Wednesday, September 10, 2008

Robert Fulghum knows everything there is to know

Last fall our local NPR station (KUOW) did an interview with Robert Fulghum, the author of All I Really Need to Know I Learned in Kindergarten. It sounds like he has a pretty sweet life these days—hanging out, writing books about being a good person and getting back to the basics of life. Being a nice guy. Talking on public radio.

One of the things that struck me was his comment about bloggers. He said that the web's full of bloggers these days and they're all trying to be gurus: specialized in one topic, authoritative, informative. In contrast, on his blog (he says) he just writes as if he were writing to a friend. Topic: whatever's on his mind. Tone: relaxed. No need for research or references. Just engaging in a bit of friendly conversation with no one in particular. It's like that crazy guy at your coffee shop who talks vaguely to anyone within a few meters of him, only when you do it in writing it doesn't make you look like a such a weirdo. :)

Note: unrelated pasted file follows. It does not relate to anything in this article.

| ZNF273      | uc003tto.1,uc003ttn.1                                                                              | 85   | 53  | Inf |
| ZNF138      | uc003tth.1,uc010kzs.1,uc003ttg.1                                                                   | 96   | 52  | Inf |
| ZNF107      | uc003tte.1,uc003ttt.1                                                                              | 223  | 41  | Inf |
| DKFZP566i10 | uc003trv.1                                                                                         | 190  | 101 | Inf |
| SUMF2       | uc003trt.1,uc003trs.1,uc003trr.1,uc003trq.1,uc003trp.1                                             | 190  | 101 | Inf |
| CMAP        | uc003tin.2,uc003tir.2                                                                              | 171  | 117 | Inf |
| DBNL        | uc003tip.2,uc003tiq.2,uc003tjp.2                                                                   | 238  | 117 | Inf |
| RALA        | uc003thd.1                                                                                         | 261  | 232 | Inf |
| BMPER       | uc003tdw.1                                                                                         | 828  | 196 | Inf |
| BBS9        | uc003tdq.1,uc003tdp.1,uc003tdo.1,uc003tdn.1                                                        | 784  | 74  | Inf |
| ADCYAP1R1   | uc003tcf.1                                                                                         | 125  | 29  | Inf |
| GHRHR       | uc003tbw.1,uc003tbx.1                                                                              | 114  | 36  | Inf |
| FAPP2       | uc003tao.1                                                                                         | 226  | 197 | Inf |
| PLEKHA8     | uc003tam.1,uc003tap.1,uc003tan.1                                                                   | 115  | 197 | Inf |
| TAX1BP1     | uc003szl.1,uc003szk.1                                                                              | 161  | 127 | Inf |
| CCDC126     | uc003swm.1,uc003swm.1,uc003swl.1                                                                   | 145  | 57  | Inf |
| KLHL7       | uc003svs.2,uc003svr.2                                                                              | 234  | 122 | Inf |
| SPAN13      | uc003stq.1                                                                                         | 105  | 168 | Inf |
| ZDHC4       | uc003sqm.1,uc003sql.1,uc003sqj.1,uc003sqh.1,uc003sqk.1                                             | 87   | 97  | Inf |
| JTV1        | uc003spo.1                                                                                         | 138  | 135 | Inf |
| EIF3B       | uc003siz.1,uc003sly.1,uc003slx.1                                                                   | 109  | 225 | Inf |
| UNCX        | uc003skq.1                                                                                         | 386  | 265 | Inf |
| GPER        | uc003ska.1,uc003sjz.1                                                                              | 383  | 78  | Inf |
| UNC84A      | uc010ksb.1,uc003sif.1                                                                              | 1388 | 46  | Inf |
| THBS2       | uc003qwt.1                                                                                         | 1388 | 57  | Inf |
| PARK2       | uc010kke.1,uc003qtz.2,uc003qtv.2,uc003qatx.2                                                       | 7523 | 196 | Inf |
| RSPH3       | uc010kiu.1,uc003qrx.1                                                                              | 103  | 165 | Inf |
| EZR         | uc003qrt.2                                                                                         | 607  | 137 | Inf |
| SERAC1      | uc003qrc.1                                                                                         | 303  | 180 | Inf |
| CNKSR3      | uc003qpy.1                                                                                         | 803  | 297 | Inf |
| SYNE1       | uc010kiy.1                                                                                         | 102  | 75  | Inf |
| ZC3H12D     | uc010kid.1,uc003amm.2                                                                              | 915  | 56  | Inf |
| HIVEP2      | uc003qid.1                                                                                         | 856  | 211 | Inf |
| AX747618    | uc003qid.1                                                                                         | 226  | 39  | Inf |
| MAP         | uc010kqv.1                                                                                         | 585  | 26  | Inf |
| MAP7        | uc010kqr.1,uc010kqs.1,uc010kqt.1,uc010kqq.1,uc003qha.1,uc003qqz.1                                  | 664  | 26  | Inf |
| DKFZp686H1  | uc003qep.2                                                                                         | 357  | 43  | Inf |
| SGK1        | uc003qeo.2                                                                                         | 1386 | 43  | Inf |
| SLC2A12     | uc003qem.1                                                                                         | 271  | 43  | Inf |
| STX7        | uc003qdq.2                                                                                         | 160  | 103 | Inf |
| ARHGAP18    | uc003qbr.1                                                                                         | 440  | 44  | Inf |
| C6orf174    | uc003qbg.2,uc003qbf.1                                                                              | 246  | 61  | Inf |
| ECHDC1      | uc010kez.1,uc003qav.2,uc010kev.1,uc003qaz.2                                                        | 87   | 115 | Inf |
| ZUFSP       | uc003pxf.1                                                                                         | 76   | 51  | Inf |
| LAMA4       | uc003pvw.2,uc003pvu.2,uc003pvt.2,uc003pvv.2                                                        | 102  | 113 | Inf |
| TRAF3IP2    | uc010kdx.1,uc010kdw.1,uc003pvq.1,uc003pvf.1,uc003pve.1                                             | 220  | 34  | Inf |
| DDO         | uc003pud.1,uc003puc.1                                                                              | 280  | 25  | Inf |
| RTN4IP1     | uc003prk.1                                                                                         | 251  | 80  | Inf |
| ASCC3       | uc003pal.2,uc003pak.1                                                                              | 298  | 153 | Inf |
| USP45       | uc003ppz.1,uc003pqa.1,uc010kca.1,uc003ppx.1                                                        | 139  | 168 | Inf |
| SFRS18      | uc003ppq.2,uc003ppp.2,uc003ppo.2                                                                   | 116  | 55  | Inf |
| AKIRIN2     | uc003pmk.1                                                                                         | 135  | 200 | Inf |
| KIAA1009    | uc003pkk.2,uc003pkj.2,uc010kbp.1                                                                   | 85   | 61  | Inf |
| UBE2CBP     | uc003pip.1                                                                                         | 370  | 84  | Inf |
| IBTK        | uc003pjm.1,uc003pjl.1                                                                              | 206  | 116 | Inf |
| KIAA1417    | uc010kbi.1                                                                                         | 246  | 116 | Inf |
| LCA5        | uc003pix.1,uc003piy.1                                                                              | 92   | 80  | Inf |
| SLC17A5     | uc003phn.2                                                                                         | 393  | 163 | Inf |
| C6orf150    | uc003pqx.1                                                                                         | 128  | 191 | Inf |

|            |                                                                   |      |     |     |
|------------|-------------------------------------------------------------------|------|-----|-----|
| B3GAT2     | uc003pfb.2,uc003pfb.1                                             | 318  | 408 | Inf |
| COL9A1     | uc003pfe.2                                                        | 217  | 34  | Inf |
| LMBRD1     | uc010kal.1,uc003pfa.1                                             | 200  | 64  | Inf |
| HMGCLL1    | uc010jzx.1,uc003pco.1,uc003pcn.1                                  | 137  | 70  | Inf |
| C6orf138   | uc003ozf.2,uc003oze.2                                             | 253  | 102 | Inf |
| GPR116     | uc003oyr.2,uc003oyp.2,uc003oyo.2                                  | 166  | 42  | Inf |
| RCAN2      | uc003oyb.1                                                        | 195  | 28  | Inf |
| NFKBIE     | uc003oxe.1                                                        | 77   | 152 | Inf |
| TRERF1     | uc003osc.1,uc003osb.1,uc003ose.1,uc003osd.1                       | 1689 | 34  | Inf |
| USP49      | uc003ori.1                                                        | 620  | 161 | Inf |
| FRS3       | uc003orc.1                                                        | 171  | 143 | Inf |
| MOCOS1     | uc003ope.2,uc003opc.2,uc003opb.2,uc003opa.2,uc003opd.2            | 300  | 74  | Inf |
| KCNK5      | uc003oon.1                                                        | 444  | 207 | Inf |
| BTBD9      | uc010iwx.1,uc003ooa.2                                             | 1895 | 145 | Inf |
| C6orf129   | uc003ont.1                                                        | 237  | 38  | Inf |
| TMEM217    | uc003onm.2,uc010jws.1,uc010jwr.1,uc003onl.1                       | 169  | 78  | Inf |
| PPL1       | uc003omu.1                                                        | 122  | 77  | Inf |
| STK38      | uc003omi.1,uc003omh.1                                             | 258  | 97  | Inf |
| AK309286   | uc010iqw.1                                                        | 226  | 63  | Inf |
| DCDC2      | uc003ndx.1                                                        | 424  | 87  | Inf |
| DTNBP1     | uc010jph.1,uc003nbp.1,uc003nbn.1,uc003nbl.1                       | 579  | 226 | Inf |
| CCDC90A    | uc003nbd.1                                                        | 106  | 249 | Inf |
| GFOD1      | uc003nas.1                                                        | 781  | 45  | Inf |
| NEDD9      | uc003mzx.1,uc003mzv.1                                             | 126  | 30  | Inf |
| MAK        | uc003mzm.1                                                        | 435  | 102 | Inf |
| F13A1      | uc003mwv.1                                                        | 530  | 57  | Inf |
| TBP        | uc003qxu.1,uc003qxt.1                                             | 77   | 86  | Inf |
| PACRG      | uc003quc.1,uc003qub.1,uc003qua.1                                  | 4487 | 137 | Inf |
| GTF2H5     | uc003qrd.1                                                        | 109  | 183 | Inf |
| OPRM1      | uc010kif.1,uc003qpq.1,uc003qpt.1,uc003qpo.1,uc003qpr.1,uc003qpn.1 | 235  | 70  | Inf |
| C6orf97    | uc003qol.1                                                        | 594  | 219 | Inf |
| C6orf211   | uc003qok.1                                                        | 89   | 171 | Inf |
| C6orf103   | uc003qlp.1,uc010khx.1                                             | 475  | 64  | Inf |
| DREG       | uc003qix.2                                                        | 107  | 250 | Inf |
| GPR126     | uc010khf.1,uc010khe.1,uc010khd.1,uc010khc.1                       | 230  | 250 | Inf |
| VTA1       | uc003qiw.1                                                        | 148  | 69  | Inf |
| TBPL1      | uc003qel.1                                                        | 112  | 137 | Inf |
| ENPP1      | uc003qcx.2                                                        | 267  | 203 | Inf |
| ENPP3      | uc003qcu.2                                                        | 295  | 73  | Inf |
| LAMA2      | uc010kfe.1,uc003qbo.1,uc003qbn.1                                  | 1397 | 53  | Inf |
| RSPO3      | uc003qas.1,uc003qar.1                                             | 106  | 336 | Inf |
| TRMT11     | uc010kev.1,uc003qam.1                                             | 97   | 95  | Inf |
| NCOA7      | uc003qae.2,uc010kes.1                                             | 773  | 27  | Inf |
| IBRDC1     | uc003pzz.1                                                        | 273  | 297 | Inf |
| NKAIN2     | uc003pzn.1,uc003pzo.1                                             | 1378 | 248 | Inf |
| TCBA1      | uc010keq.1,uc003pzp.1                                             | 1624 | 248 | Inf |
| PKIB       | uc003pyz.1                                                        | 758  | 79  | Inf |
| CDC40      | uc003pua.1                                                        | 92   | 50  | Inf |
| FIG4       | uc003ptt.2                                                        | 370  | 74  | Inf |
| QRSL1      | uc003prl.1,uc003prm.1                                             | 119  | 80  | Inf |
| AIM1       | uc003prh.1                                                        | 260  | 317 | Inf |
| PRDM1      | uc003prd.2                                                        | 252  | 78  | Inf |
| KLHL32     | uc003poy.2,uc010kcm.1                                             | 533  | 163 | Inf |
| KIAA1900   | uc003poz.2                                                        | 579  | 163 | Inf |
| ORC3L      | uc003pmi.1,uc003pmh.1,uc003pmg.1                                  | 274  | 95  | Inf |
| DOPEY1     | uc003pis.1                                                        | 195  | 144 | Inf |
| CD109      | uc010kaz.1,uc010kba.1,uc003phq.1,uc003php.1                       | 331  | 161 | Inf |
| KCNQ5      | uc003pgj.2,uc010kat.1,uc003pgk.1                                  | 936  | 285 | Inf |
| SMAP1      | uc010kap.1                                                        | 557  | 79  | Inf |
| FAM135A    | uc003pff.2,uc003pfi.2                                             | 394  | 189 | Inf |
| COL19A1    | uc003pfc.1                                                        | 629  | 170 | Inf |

He said he tries not to "get into the guru racket" because all the good advice in the world has already been known for ages, so who needs a bunch of self-proclaimed gurus popping up all over the internet trying to say something new. He actually said, "...The good stuff has been there, we don't need any new stuff."

Now, I can see how that goes along with his whole philosophy of simplification. It's summed up in the idea that "all I really need to know I learned in kindergarten," right? He believes that there are some fundamental ideas that are easy to learn, and everything else is just a more complex version of those fundamental ideas. But I can't really get behind this idea that everything has already been said and that there's nothing left to be an expert in. I mean, honestly? What's the point of perpetuating the human race if everything has already been said and done and figured out?

Perhaps my perspective as a technologist colors my view on this; but it seems to me that there are tons of new things being thought up all the time, and that we do still have a need for experts in new fields—people who can speak compellingly and authoritatively. That's not to say that I think every random blogger is compelling and authoritative (far from it!); but I think it's overly simplistic to say that we don't need new thought leaders.

What do you think?

The relevant part of the interview starts around 14 min. into the audio file, if you're interested in listening.

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